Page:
Editor's note: This is the second of three articles. Read Part I here.
One day, as a young child, I broke the law.
Or so I thought. While making my bed, I accidentally pulled the tag off my pillow. This is the tag that reads: UNDER PENALTY OF LAW THIS TAG IS NOT BE REMOVED EXCEPT BY THE CONSUMER.
I was horrified. I didn’t know who this "consumer" was, but I pictured him as a little man in a tweed jacket with glasses and a mustache. I hid under my bed, expecting that any minute there would be a ring on the doorbell and the consumer would have arrived to remove all his tags. My crime would be discovered and I would be off to jail.
I can look back on this particular story with humor now, but it turns out I was correct in one thing: I was right to have been frightened by the idea of the consumer. It turns out the dangerous consumer is not a man in a tweed jacket, but a mother of two children trolling through Target, trying to find life’s meaning somewhere between the shoe and linens aisle. It’s the rise of this consumer culture that has brought Americans firmly into the rat race and essentially sucked the lifeblood out of the art of homemaking.
In “Radical Homemakers” by Shannon Hayes, she writes about the very deliberate targeting of homemakers. In 1929, Christine Frederick, a home-economist-turned-marketing-expert, wrote a book titled “Selling Mrs. Consumer” in which she writes, “ ‘Consumptionism’ is the name given to the new doctrine; and it is admitted today to be the greatest idea that America has to give the world, the idea that workmen and the masses be looked upon not simply as worker and producers, but as consumers. Pay them more, sell them more, prosper more is the equation.”
Frederick sold the idea to advertisers that in order to create consumers, they needed to target the female gatekeeper, the homemaker, a sort of pseudo-intelligent creature who would eagerly gobble up new devices, fashions and packaged foods for the family.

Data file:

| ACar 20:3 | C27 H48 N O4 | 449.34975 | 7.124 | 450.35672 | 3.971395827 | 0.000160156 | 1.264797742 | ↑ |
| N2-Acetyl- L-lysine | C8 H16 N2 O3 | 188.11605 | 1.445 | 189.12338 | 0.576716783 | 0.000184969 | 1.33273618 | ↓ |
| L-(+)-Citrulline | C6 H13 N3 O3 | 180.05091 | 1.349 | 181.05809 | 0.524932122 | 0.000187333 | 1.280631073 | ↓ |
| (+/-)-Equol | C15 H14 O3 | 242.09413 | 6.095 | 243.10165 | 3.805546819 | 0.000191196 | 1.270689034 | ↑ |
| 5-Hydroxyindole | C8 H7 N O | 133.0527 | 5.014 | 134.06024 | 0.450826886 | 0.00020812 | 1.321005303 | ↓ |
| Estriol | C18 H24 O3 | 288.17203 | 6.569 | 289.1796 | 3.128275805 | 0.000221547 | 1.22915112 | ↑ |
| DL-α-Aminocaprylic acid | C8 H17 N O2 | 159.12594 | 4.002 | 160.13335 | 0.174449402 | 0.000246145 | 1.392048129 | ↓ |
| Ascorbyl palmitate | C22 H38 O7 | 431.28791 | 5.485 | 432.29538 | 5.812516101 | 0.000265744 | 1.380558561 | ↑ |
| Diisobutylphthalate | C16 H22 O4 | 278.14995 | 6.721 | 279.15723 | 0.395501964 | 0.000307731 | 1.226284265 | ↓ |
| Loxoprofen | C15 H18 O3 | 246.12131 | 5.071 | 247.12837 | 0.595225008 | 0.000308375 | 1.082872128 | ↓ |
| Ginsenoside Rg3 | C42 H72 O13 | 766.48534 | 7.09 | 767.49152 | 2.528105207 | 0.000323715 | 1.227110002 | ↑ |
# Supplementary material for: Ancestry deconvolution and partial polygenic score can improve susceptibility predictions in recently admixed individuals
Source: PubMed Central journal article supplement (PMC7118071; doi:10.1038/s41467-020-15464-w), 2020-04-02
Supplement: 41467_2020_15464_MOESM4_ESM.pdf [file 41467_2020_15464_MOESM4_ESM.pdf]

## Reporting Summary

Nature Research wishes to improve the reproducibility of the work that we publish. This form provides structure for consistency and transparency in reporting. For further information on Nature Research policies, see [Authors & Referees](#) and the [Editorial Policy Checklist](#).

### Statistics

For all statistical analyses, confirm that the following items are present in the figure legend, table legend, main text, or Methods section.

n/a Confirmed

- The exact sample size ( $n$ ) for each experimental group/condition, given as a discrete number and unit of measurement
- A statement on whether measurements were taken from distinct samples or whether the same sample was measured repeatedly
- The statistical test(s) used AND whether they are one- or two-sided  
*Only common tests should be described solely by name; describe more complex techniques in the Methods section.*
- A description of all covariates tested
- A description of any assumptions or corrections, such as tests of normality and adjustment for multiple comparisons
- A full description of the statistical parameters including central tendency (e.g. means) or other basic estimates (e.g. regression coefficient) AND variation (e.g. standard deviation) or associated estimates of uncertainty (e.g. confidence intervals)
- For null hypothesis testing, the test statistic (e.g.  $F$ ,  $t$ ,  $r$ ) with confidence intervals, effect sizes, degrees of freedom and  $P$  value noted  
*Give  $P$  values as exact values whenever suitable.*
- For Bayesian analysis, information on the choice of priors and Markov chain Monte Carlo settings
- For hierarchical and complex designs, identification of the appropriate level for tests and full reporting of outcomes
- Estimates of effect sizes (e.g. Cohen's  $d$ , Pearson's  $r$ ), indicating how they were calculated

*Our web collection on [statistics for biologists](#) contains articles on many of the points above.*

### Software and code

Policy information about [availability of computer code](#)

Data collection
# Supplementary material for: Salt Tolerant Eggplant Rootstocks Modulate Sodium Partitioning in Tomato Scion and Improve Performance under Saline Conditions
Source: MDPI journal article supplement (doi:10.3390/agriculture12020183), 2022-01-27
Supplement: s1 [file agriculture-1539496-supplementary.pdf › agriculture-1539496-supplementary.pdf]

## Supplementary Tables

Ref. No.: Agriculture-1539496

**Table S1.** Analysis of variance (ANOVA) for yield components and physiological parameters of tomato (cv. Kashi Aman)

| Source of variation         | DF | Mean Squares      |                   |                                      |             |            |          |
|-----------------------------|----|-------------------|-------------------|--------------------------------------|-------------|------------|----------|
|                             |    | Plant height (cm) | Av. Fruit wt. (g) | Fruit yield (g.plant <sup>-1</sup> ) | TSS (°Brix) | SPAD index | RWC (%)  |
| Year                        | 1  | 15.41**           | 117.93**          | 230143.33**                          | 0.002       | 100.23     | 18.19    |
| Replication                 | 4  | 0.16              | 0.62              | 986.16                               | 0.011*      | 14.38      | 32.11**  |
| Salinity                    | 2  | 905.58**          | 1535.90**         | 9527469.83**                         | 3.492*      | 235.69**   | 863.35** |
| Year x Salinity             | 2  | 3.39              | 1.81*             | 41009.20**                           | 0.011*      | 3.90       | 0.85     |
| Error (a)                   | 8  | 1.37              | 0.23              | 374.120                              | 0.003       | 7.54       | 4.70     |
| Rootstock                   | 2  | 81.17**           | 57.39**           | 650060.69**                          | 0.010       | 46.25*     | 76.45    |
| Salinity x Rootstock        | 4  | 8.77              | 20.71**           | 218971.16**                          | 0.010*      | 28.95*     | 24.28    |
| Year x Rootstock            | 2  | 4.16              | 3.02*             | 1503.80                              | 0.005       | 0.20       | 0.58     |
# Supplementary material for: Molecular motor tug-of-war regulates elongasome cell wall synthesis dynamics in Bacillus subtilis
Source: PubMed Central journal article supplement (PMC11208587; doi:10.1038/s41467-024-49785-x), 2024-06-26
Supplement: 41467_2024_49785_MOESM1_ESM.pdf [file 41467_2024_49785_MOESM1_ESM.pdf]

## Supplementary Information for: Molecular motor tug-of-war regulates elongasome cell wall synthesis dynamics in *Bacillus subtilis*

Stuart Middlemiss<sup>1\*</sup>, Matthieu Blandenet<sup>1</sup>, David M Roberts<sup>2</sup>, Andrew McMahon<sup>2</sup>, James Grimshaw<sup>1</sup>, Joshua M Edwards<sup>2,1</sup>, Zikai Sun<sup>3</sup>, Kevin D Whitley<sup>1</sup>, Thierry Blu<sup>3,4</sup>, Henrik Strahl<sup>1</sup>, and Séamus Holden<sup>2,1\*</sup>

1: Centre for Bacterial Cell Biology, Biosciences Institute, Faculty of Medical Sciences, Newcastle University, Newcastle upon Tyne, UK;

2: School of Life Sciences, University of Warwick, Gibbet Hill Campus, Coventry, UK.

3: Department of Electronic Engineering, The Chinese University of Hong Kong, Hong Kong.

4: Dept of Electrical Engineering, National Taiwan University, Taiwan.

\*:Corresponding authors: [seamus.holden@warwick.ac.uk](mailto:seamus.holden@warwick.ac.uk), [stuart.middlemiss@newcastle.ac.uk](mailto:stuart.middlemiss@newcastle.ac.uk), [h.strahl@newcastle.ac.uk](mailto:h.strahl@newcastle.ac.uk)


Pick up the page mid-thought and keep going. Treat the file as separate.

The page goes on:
The idea worked. It bred a cultural idea that shopaholics and retail therapy were synonymous with being female, and it perpetuated the idea that to be a homemaker was to be something of a simpleton who could do nothing more than bake a cake and iron a blouse.
Consumerism, along with increased opportunities for women, brought homemakers to a crossroads. With women receiving more education, and with machines and pre-packaged foods displacing a woman’s role at home, there was more spare time. Then along came Betty Friedan’s landmark book “The Feminine Mystique,” which sent droves of women to the work force. This was supposed to be their shining moment.
So now you had two groups of women: those who fought to find their place in the work force and those who fought to stay home, only to find themselves weeping from loneliness and boredom in their tidy tract home.
I don’t intend to break open the Mommy Wars. Some women find incredible fulfillment from traditional jobs, and others find incredible fulfillment from staying home. But for those who feel as if something is missing, who wonder why we stand in our suburban homes, staring out the window and feeling “lonely as a cloud,” or who feel the same discontent in a desk job, it’s because there is a third way.
That third way is to bring back the radical homemaker. This is not the homemaker that we think of, with a Swiffer in one hand and a basket of laundry in the other, but the type of homemaker who truly makes a home.
Of course, none of this is revolutionary in our Mormon culture. We’ve held this secret for a long time. We are, as a collective whole, incredible homemakers. The popularity and notoriety of the Mormon Mommy blogs attests to that every day. We know how to design, cook, craft, write fantastic witticisms, publish best-selling books and promote deliberate motherhood.
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